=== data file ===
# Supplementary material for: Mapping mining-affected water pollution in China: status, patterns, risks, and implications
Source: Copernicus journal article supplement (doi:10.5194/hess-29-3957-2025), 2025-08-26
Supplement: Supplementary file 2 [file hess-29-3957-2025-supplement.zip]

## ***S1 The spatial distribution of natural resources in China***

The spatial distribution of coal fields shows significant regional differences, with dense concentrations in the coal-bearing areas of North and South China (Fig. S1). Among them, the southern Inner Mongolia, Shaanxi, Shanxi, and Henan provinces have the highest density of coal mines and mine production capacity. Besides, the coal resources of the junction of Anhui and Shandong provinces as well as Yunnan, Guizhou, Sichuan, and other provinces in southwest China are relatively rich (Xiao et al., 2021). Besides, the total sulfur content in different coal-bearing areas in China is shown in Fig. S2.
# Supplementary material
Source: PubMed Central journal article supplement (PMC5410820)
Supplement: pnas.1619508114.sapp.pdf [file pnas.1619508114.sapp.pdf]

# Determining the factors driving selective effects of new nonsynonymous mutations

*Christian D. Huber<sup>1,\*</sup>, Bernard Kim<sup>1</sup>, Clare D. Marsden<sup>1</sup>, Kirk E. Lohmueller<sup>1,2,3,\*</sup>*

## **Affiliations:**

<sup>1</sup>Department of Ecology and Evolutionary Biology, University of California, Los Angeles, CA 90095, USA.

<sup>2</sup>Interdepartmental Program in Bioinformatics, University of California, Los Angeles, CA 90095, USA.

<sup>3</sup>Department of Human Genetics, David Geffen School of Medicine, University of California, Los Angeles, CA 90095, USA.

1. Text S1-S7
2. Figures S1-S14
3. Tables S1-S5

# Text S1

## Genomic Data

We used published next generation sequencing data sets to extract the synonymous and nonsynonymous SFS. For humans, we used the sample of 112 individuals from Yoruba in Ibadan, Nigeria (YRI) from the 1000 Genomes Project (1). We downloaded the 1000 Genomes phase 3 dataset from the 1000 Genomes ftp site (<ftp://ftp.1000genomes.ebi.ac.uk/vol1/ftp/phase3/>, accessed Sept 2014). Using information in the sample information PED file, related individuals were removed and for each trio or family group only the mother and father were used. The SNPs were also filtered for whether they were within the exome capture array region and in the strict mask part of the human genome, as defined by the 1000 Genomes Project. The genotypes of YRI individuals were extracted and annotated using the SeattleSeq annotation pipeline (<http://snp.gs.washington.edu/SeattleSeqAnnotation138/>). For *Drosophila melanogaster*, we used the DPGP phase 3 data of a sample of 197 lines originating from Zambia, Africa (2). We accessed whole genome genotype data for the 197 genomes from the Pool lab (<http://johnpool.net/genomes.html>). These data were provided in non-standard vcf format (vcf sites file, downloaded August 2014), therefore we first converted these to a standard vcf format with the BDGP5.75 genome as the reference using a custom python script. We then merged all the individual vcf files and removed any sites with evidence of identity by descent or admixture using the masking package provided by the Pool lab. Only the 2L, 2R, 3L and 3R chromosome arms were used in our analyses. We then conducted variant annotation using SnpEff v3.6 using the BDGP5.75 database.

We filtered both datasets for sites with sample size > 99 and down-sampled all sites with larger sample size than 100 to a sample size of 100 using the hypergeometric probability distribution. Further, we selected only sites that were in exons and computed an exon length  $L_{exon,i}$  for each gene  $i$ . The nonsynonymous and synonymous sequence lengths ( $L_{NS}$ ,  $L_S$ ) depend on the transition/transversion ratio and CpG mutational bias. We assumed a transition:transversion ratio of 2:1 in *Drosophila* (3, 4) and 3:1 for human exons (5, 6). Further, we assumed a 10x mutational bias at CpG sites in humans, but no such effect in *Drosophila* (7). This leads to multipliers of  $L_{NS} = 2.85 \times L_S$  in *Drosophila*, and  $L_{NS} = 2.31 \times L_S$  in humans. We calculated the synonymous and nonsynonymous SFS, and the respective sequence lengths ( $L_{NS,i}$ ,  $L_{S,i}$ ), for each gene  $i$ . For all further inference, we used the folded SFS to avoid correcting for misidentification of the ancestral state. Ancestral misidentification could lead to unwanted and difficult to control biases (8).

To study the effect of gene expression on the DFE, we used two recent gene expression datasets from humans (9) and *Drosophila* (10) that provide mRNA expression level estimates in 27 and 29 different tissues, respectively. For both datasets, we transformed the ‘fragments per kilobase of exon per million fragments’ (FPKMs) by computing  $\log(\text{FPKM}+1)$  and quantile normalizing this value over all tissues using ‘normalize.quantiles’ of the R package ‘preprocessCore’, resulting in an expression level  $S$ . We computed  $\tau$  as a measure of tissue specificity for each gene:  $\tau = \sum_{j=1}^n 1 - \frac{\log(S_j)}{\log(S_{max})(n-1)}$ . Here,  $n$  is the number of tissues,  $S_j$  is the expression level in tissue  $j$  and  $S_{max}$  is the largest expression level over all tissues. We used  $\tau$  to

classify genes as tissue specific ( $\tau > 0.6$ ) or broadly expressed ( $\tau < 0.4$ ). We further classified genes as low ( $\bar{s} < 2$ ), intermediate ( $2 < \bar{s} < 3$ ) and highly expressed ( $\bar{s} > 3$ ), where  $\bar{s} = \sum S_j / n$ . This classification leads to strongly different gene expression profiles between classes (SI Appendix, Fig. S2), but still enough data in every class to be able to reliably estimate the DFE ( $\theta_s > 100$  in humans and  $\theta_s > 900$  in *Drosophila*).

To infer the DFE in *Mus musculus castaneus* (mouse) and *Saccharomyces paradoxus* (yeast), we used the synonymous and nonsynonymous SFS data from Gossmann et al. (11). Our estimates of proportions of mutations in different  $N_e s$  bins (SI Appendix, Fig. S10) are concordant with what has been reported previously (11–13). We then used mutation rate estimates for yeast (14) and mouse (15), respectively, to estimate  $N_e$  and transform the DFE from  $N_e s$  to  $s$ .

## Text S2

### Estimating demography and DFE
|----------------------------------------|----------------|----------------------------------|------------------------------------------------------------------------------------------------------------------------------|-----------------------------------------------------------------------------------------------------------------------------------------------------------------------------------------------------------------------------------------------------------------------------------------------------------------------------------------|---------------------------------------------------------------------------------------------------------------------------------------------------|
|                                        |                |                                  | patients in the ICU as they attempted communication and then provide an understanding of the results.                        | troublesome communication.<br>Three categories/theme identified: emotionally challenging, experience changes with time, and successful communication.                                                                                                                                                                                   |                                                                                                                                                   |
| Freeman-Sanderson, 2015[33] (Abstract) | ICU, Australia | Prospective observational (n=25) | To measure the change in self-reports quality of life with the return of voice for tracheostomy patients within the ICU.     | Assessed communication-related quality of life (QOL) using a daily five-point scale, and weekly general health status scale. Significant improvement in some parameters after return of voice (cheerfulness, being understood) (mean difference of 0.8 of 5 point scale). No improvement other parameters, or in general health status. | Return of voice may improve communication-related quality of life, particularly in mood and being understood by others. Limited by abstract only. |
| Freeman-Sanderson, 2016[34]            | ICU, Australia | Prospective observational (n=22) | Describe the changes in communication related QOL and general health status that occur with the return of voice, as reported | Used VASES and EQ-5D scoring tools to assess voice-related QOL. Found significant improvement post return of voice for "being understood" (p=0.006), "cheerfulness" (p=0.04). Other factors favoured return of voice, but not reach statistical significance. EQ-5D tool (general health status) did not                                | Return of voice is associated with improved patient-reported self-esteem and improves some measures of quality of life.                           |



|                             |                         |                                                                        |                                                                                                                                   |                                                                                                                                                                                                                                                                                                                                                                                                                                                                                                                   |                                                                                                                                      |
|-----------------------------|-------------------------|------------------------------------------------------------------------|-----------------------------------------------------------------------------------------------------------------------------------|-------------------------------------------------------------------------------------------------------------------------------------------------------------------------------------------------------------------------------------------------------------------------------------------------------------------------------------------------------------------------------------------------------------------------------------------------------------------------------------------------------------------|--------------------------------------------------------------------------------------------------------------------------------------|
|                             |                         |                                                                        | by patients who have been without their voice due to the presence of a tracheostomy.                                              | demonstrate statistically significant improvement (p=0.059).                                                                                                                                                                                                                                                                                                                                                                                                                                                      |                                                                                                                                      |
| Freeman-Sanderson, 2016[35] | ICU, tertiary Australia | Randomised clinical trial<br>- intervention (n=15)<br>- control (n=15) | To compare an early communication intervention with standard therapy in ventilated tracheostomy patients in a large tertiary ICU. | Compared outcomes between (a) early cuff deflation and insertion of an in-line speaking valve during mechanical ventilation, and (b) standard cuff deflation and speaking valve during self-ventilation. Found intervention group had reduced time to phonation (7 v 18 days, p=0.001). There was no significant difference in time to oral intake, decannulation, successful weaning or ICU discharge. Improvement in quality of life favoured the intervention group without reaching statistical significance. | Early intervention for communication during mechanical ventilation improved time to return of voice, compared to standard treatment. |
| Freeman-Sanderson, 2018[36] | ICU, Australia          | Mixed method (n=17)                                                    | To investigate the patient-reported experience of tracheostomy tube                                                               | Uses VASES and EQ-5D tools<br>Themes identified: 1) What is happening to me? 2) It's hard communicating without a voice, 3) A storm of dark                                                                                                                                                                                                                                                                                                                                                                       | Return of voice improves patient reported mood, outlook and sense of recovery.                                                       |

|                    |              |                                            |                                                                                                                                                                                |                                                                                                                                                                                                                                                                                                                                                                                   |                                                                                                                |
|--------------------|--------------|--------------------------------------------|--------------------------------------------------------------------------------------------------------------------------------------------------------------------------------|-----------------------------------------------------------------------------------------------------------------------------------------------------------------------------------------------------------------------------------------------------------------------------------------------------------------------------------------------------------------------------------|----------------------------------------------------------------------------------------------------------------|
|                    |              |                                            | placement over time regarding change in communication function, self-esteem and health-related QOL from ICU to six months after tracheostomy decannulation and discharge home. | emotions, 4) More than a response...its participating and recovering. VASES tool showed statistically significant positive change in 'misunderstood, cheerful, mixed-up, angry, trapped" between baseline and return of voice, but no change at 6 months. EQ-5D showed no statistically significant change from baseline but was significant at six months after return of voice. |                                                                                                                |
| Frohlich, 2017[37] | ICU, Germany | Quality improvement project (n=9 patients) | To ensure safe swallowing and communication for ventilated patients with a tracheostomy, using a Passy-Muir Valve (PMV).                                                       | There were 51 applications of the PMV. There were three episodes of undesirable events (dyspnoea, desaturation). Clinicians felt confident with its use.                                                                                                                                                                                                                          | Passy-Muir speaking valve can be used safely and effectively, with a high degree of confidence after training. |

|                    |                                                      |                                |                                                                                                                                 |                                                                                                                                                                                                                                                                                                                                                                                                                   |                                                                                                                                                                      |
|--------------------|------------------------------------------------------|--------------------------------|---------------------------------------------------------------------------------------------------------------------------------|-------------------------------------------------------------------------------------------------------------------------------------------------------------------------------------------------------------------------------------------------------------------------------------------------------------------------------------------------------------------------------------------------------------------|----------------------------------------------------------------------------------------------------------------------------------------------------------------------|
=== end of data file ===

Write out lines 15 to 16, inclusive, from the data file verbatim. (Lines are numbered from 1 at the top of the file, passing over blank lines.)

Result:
1. Text S1-S7
2. Figures S1-S14